The four singles that have preceded this week’s new album release from Toronto four piece, Little Kid, have been some of our favourite music of 2020. Ahead of their sixth record, Transfiguration Highway – set to be released through their new home of Solitaire Records – we caught up with songwriter, Kenny Boothby, to chat influences and inspirations.
These are Boothby’s Sound & Vision picks:
Three Favourite Albums
Time (the Revelator) by Gillian Welch
Time (the Revelator) opened me up to country music. I first heard the song, April the 14th (Part 1), when David Bazan covered it during an encore on the Curse Your Branches tour. I didn’t catch the name of the artist, so I had to search for it after the fact using the scrap of lyrics I remembered (‘…and I wished I played in a rock n roll band…’). It became a frequent post-bar song in my university years, but I never really sought out the rest of the album until later on. My cousin bought the CD after I showed him the song, and he let me borrow it for a summer while I briefly lived in my hometown again and worked in a kitchen. A lot of it felt ‘too country’ at first, but the slower songs kept drawing me back and eventually I came around on all of it. I remember the first time I really focused on I Dream a Highway, and it was a bit of a life-changing experience. Learning it was created using the first two takes the two of them recorded after writing the song made it even more inspiring. My songwriting has definitely been shaped by Gillian, and I consider David Rawlings one of the best guitarists of all time, and a huge influence on my playing.
A Ghost Is Born by Wilco
A Ghost is Born shook up my idea of what exactly makes up an ‘album’. Like a lot of folks, my first introduction to Wilco was Yankee Hotel Foxtrot, and it was a pretty immediate hit for me. I loved the way they balanced pop sensibilities with some pretty wacky production ideas on that record. Naturally, I wanted to hear the other album they made with Jim O’Rourke, and I bought a used copy of A Ghost Is Born to listen to while driving home from Chicago. It came at a perfect time – I had really come around on the idea of the long, repetitive song, and Spiders (Kidsmoke) really nailed that. I was definitely a little perplexed by some of the sequencing: how can you start your album with a song with such massive guitar solos throughout? Why place a short folk-pop song at the very end after a ten-minute noise section in the penultimate track? I tend to love cohesive, semi-conceptual albums, but what excited me most about this one was how blatantly in-cohesive it was. When we made Might As Well With My Soul, we talked a lot about this album, as an example of a ‘messy’ album like we were trying to create.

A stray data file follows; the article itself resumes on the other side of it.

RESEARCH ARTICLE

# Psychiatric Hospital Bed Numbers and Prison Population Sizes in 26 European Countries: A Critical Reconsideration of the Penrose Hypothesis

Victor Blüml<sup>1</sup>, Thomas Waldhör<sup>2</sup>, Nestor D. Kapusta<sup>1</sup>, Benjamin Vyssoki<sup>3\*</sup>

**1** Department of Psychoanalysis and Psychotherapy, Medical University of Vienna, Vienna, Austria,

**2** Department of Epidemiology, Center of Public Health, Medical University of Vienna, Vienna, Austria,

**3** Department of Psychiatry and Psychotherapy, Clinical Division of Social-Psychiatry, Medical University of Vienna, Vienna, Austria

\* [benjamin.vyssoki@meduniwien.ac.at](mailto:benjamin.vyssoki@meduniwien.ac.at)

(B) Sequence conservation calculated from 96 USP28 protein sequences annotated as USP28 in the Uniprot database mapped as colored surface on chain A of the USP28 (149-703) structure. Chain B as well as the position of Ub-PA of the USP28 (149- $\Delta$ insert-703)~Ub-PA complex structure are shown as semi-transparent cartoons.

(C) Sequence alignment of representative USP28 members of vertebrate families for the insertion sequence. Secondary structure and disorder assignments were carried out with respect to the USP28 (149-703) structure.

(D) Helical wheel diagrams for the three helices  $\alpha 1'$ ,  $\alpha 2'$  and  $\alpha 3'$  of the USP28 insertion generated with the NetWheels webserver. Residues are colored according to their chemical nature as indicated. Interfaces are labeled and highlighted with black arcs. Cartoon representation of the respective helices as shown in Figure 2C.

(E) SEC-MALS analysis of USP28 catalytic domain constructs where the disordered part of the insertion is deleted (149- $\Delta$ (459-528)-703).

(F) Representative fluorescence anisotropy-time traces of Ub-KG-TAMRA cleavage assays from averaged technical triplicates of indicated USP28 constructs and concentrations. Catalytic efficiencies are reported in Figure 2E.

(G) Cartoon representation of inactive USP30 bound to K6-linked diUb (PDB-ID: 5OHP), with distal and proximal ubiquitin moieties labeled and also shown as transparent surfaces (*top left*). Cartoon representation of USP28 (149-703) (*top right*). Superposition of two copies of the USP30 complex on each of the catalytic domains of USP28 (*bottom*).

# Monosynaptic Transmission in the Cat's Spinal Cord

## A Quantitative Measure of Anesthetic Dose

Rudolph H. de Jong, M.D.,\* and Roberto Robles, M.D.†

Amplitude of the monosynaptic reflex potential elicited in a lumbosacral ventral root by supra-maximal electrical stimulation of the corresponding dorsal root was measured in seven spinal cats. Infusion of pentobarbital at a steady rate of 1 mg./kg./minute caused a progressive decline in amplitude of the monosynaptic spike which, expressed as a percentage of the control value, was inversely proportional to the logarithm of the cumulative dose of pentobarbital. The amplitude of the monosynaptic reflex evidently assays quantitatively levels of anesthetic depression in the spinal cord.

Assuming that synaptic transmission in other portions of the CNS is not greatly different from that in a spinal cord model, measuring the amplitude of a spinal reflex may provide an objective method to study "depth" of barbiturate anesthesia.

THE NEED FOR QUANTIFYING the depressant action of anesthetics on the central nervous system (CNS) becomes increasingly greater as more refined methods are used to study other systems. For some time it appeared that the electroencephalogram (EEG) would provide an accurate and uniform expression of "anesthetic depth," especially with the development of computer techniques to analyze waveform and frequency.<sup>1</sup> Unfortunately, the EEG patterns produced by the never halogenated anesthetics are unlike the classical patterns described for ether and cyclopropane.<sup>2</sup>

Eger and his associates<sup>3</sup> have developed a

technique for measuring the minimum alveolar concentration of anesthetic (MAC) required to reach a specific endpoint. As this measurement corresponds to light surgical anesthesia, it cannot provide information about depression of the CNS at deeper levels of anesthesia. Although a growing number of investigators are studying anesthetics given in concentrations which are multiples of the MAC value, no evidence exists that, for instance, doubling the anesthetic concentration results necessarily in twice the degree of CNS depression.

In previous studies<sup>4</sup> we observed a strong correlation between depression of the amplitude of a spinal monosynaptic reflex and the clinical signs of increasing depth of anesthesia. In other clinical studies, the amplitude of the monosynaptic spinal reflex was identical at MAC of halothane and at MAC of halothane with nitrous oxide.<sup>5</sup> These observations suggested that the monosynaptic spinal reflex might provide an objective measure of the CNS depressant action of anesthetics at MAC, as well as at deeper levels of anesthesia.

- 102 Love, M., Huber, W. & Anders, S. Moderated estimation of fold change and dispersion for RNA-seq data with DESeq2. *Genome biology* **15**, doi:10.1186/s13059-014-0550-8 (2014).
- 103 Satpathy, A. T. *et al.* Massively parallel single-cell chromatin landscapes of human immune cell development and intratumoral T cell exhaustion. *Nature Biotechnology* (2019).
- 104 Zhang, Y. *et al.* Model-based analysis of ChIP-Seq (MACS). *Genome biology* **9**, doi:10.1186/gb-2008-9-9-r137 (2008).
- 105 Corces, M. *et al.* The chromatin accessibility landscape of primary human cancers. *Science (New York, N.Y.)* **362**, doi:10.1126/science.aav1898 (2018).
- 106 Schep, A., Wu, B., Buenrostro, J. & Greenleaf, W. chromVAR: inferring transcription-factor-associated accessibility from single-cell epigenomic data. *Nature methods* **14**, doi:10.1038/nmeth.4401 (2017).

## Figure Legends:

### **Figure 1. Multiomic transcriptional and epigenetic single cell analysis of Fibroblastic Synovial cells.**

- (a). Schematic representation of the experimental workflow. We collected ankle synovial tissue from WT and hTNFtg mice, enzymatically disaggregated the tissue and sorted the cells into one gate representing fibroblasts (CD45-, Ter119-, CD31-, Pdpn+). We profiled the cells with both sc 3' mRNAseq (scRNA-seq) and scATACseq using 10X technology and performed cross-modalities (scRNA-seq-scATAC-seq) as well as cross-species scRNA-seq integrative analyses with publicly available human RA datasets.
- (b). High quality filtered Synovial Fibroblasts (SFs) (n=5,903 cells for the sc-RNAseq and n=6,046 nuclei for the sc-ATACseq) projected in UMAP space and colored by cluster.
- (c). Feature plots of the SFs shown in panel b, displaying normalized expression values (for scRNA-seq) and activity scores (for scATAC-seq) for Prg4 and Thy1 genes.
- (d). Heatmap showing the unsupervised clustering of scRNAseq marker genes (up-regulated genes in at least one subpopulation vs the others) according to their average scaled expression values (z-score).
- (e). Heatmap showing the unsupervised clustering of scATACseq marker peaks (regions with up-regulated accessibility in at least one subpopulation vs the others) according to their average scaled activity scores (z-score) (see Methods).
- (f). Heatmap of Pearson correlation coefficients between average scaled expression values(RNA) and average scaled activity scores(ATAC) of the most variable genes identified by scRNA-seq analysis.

Blonde on Blonde by Bob Dylan
I hated Blonde on Blonde when I first heard it because all I was really listening to were the lyrics. I was pretty new to Dylan, but he obviously has a huge reputation and is generally considered one of the best American songwriters, so I gave the lyrics a lot of attention. I had come to love some of his more confessional songwriting on albums like Blood on the Tracks, and his earlier ones like The Times They Are a-Changin’, but when I threw on Blonde on Blonde and heard rhymes like ‘I stood there and hummed / I tapped on her drum / I asked her how come’ I just thought the whole thing was a pile of garbage. It wasn’t until I had recorded a handful of albums and come to appreciate the unique vibe that comes with recording live, especially when the song is new and unrehearsed, that I started to connect with this record. The vibe is what makes this record so unique and perfect to me. The songs are often chaotic, and you can tell a lot of times that the band is hesitant, looking to Dylan to see what he’s going to do next and hoping they can keep up with him. It’s such a strange dynamic, and I’m sure it was hard for a lot of those musicians to walk away from the sessions feeling like they nailed it, but the end results are pretty magical to me. I love all of the little mistakes. I even came around on some of the garbage rhymes – I think they are a result of his drive to create quickly, following the spark of a new song idea and trying to capture it while it’s still new, not wasting time getting things ‘perfect,’ or perhaps knowing the closest thing to perfect comes when you aren’t trying too hard.